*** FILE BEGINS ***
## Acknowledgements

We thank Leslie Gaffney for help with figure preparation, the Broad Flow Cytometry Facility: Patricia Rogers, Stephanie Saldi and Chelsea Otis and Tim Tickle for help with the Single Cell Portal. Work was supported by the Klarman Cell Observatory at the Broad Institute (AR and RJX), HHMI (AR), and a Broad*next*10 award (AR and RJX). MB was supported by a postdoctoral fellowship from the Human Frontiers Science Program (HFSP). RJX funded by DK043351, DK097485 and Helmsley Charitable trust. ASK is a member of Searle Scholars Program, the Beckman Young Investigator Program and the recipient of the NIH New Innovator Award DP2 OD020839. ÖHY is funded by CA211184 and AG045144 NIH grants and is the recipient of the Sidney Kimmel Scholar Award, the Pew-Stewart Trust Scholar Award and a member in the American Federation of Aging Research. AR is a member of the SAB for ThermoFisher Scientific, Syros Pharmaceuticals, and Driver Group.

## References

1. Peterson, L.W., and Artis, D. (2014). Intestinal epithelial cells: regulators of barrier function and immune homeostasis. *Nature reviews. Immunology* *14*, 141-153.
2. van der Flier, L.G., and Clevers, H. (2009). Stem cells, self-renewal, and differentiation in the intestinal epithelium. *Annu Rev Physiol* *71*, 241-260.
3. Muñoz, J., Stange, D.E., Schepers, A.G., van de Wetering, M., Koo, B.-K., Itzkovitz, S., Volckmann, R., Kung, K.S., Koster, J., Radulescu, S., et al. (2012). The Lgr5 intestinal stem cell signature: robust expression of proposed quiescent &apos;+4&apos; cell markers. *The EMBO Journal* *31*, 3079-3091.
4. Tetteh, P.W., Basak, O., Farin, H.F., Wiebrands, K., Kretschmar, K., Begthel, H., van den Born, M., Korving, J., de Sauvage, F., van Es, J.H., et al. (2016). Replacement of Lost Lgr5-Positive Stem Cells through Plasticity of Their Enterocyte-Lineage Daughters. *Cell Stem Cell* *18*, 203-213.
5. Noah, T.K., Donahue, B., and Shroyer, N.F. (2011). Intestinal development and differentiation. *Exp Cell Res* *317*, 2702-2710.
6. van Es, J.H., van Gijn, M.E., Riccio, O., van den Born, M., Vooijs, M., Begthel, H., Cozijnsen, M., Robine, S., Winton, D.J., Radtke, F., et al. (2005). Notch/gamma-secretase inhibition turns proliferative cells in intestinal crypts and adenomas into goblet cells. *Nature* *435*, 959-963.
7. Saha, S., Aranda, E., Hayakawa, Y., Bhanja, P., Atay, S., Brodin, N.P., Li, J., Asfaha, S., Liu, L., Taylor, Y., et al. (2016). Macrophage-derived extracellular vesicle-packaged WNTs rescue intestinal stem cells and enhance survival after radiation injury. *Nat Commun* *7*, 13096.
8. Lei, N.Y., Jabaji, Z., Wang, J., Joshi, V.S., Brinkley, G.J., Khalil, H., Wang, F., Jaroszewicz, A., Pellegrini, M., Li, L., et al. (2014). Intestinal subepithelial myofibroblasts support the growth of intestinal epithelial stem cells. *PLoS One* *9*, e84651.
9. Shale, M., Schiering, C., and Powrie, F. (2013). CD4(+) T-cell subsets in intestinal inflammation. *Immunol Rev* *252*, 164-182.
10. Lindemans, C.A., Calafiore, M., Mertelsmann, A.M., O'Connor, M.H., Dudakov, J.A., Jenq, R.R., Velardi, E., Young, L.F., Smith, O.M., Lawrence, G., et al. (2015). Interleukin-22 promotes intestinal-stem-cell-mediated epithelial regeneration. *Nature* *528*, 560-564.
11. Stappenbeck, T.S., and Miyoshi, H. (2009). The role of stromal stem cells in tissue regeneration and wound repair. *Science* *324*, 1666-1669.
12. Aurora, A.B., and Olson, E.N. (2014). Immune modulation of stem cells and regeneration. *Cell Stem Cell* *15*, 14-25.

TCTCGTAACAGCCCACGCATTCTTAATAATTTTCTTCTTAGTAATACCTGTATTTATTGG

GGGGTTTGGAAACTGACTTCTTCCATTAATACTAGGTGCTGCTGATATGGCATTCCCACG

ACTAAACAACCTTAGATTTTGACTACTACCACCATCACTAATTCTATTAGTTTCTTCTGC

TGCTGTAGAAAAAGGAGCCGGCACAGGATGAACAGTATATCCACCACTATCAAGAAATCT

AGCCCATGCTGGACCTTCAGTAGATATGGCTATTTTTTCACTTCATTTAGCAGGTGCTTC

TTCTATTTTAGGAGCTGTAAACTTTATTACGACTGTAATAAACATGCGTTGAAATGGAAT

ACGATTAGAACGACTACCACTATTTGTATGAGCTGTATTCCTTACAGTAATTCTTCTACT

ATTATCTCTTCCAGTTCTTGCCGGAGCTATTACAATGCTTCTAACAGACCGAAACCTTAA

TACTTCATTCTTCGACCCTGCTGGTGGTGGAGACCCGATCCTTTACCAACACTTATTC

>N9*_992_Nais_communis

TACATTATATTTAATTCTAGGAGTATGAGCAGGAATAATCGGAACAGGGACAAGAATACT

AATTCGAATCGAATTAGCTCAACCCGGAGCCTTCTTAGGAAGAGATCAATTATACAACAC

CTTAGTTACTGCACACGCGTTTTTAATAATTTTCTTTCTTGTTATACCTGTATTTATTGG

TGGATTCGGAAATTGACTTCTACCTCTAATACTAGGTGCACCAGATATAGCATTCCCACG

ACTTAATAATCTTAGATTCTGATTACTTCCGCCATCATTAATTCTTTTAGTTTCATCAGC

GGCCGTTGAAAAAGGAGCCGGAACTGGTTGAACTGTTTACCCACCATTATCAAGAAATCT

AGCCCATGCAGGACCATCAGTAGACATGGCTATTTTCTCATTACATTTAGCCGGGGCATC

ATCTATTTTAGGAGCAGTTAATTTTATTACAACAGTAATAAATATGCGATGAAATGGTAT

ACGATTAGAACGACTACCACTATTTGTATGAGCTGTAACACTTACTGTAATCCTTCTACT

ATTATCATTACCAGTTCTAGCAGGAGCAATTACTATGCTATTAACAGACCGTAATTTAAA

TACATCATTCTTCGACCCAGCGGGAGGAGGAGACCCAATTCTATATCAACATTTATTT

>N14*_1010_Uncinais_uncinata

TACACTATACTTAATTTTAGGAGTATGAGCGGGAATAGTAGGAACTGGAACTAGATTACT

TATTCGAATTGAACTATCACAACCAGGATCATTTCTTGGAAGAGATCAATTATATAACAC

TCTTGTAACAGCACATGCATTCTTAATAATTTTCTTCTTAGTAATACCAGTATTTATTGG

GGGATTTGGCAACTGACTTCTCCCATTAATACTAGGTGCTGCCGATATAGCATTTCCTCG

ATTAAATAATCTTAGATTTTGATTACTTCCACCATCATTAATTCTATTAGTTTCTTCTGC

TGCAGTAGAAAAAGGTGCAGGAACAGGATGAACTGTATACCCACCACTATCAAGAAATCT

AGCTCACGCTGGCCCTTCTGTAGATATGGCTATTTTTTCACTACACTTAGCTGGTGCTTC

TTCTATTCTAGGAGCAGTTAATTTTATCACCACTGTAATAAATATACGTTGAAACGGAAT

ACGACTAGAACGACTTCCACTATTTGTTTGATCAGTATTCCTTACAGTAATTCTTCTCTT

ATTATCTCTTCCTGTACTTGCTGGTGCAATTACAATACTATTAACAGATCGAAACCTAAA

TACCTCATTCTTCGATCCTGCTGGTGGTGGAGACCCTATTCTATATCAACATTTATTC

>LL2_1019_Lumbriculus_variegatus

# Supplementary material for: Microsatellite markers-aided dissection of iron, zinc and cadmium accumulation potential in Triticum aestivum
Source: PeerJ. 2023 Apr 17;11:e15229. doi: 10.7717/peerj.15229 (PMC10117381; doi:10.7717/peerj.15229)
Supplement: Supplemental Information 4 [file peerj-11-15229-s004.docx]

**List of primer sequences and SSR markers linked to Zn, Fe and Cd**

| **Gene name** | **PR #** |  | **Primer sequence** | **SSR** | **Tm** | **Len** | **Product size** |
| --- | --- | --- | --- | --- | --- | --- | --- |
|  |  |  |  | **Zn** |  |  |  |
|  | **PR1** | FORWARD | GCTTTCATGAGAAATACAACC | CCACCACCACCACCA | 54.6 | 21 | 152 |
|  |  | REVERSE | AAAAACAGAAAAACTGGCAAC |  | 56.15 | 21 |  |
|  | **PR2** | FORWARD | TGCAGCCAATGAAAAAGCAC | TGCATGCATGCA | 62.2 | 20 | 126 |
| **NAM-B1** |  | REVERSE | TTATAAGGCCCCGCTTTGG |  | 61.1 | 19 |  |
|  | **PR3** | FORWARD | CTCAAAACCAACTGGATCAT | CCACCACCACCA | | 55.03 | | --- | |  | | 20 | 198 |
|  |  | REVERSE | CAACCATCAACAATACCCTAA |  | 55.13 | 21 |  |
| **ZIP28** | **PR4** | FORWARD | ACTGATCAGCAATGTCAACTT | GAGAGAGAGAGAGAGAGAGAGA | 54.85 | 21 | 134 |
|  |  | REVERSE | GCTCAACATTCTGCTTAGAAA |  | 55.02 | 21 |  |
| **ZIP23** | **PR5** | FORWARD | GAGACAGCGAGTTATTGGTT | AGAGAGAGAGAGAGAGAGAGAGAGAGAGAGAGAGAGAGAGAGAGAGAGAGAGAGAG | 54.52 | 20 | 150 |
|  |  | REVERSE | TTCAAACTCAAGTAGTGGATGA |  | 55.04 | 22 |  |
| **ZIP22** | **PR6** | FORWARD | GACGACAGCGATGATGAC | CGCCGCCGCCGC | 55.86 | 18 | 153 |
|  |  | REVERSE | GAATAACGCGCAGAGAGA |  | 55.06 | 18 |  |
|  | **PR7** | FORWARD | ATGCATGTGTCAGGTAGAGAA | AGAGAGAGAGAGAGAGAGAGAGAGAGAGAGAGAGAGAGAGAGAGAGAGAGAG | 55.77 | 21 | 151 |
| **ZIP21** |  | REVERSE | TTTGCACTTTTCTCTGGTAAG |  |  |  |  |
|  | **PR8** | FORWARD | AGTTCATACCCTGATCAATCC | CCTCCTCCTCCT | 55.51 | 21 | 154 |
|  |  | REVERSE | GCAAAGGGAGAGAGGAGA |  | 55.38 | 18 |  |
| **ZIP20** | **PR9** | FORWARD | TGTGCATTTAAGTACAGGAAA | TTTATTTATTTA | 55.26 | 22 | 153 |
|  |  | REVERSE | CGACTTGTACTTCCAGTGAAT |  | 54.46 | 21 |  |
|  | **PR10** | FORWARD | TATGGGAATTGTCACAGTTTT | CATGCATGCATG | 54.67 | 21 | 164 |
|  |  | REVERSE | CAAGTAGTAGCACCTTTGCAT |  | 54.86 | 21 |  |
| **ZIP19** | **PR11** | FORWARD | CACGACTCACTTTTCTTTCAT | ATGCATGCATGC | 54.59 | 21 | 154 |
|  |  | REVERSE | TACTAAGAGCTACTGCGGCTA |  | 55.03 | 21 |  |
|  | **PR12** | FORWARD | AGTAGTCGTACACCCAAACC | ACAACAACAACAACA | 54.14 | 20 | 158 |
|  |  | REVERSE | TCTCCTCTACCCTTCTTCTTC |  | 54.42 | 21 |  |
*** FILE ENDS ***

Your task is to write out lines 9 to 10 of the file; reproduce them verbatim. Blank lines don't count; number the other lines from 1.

6. van Es, J.H., van Gijn, M.E., Riccio, O., van den Born, M., Vooijs, M., Begthel, H., Cozijnsen, M., Robine, S., Winton, D.J., Radtke, F., et al. (2005). Notch/gamma-secretase inhibition turns proliferative cells in intestinal crypts and adenomas into goblet cells. *Nature* *435*, 959-963.
7. Saha, S., Aranda, E., Hayakawa, Y., Bhanja, P., Atay, S., Brodin, N.P., Li, J., Asfaha, S., Liu, L., Taylor, Y., et al. (2016). Macrophage-derived extracellular vesicle-packaged WNTs rescue intestinal stem cells and enhance survival after radiation injury. *Nat Commun* *7*, 13096.